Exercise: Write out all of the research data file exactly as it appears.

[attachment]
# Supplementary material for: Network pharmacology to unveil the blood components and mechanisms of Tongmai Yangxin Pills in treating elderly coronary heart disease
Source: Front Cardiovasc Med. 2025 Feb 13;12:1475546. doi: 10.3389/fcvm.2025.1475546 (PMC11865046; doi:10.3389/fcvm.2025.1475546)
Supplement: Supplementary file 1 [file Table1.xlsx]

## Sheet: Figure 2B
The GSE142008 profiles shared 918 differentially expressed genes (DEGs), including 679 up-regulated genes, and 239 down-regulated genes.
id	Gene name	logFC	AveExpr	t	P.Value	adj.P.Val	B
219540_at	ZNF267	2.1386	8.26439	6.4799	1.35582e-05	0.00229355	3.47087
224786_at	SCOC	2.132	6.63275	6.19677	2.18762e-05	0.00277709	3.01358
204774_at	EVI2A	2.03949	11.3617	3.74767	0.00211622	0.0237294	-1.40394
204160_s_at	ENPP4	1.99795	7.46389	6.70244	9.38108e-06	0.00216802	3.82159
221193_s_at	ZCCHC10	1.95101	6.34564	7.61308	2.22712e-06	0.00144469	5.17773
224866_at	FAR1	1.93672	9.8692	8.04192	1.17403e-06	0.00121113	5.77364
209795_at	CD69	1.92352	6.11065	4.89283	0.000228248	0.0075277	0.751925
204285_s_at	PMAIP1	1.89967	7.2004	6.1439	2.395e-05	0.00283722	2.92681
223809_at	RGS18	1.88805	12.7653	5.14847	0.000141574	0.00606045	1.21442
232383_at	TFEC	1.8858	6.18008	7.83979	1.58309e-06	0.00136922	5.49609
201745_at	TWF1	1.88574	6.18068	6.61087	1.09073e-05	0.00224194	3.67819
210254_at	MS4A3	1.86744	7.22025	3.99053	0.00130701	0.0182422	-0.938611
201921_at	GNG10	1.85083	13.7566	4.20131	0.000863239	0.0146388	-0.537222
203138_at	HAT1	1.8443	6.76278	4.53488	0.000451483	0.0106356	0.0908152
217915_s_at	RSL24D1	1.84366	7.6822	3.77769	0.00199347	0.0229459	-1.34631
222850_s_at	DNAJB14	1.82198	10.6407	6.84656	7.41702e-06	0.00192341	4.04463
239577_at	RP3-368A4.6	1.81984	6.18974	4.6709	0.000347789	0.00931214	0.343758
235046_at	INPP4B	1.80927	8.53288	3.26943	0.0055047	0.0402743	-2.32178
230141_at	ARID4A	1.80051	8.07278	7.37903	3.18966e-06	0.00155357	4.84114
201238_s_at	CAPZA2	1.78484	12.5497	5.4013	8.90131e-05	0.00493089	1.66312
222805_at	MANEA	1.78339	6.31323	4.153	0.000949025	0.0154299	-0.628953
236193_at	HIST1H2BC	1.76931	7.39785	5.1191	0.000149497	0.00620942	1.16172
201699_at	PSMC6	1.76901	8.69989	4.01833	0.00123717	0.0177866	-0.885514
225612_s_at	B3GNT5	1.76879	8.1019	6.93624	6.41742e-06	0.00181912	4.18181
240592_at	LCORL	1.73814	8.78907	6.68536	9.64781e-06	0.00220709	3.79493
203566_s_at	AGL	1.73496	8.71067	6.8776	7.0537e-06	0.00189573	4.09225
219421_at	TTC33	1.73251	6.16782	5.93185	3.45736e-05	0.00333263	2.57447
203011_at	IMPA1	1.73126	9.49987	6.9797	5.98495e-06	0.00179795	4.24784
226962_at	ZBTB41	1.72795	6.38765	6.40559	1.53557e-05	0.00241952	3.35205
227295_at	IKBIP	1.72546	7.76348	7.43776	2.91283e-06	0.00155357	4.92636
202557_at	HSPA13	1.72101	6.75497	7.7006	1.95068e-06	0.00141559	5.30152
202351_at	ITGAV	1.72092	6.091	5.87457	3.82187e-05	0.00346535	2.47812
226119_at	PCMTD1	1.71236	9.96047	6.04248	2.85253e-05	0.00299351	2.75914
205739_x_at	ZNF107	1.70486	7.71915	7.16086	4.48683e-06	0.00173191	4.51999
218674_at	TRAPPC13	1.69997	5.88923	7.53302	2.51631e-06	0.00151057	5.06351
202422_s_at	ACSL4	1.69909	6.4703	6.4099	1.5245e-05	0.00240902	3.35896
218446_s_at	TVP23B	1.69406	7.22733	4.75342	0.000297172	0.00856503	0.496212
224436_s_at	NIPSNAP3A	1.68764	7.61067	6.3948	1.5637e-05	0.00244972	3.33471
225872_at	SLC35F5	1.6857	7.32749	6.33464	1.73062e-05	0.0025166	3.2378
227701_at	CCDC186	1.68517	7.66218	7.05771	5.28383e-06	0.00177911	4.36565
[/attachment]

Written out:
# Supplementary material for: Network pharmacology to unveil the blood components and mechanisms of Tongmai Yangxin Pills in treating elderly coronary heart disease
Source: Front Cardiovasc Med. 2025 Feb 13;12:1475546. doi: 10.3389/fcvm.2025.1475546 (PMC11865046; doi:10.3389/fcvm.2025.1475546)
Supplement: Supplementary file 1 [file Table1.xlsx]

## Sheet: Figure 2B
The GSE142008 profiles shared 918 differentially expressed genes (DEGs), including 679 up-regulated genes, and 239 down-regulated genes.
id	Gene name	logFC	AveExpr	t	P.Value	adj.P.Val	B
219540_at	ZNF267	2.1386	8.26439	6.4799	1.35582e-05	0.00229355	3.47087
224786_at	SCOC	2.132	6.63275	6.19677	2.18762e-05	0.00277709	3.01358
204774_at	EVI2A	2.03949	11.3617	3.74767	0.00211622	0.0237294	-1.40394
204160_s_at	ENPP4	1.99795	7.46389	6.70244	9.38108e-06	0.00216802	3.82159
221193_s_at	ZCCHC10	1.95101	6.34564	7.61308	2.22712e-06	0.00144469	5.17773
224866_at	FAR1	1.93672	9.8692	8.04192	1.17403e-06	0.00121113	5.77364
209795_at	CD69	1.92352	6.11065	4.89283	0.000228248	0.0075277	0.751925
204285_s_at	PMAIP1	1.89967	7.2004	6.1439	2.395e-05	0.00283722	2.92681
223809_at	RGS18	1.88805	12.7653	5.14847	0.000141574	0.00606045	1.21442
232383_at	TFEC	1.8858	6.18008	7.83979	1.58309e-06	0.00136922	5.49609
201745_at	TWF1	1.88574	6.18068	6.61087	1.09073e-05	0.00224194	3.67819
210254_at	MS4A3	1.86744	7.22025	3.99053	0.00130701	0.0182422	-0.938611
201921_at	GNG10	1.85083	13.7566	4.20131	0.000863239	0.0146388	-0.537222
203138_at	HAT1	1.8443	6.76278	4.53488	0.000451483	0.0106356	0.0908152
217915_s_at	RSL24D1	1.84366	7.6822	3.77769	0.00199347	0.0229459	-1.34631
222850_s_at	DNAJB14	1.82198	10.6407	6.84656	7.41702e-06	0.00192341	4.04463
239577_at	RP3-368A4.6	1.81984	6.18974	4.6709	0.000347789	0.00931214	0.343758
235046_at	INPP4B	1.80927	8.53288	3.26943	0.0055047	0.0402743	-2.32178
230141_at	ARID4A	1.80051	8.07278	7.37903	3.18966e-06	0.00155357	4.84114
201238_s_at	CAPZA2	1.78484	12.5497	5.4013	8.90131e-05	0.00493089	1.66312
222805_at	MANEA	1.78339	6.31323	4.153	0.000949025	0.0154299	-0.628953
236193_at	HIST1H2BC	1.76931	7.39785	5.1191	0.000149497	0.00620942	1.16172
201699_at	PSMC6	1.76901	8.69989	4.01833	0.00123717	0.0177866	-0.885514
225612_s_at	B3GNT5	1.76879	8.1019	6.93624	6.41742e-06	0.00181912	4.18181
240592_at	LCORL	1.73814	8.78907	6.68536	9.64781e-06	0.00220709	3.79493
203566_s_at	AGL	1.73496	8.71067	6.8776	7.0537e-06	0.00189573	4.09225
219421_at	TTC33	1.73251	6.16782	5.93185	3.45736e-05	0.00333263	2.57447
203011_at	IMPA1	1.73126	9.49987	6.9797	5.98495e-06	0.00179795	4.24784
226962_at	ZBTB41	1.72795	6.38765	6.40559	1.53557e-05	0.00241952	3.35205
227295_at	IKBIP	1.72546	7.76348	7.43776	2.91283e-06	0.00155357	4.92636
202557_at	HSPA13	1.72101	6.75497	7.7006	1.95068e-06	0.00141559	5.30152
202351_at	ITGAV	1.72092	6.091	5.87457	3.82187e-05	0.00346535	2.47812
226119_at	PCMTD1	1.71236	9.96047	6.04248	2.85253e-05	0.00299351	2.75914
205739_x_at	ZNF107	1.70486	7.71915	7.16086	4.48683e-06	0.00173191	4.51999
218674_at	TRAPPC13	1.69997	5.88923	7.53302	2.51631e-06	0.00151057	5.06351
202422_s_at	ACSL4	1.69909	6.4703	6.4099	1.5245e-05	0.00240902	3.35896
218446_s_at	TVP23B	1.69406	7.22733	4.75342	0.000297172	0.00856503	0.496212
224436_s_at	NIPSNAP3A	1.68764	7.61067	6.3948	1.5637e-05	0.00244972	3.33471
225872_at	SLC35F5	1.6857	7.32749	6.33464	1.73062e-05	0.0025166	3.2378
227701_at	CCDC186	1.68517	7.66218	7.05771	5.28383e-06	0.00177911	4.36565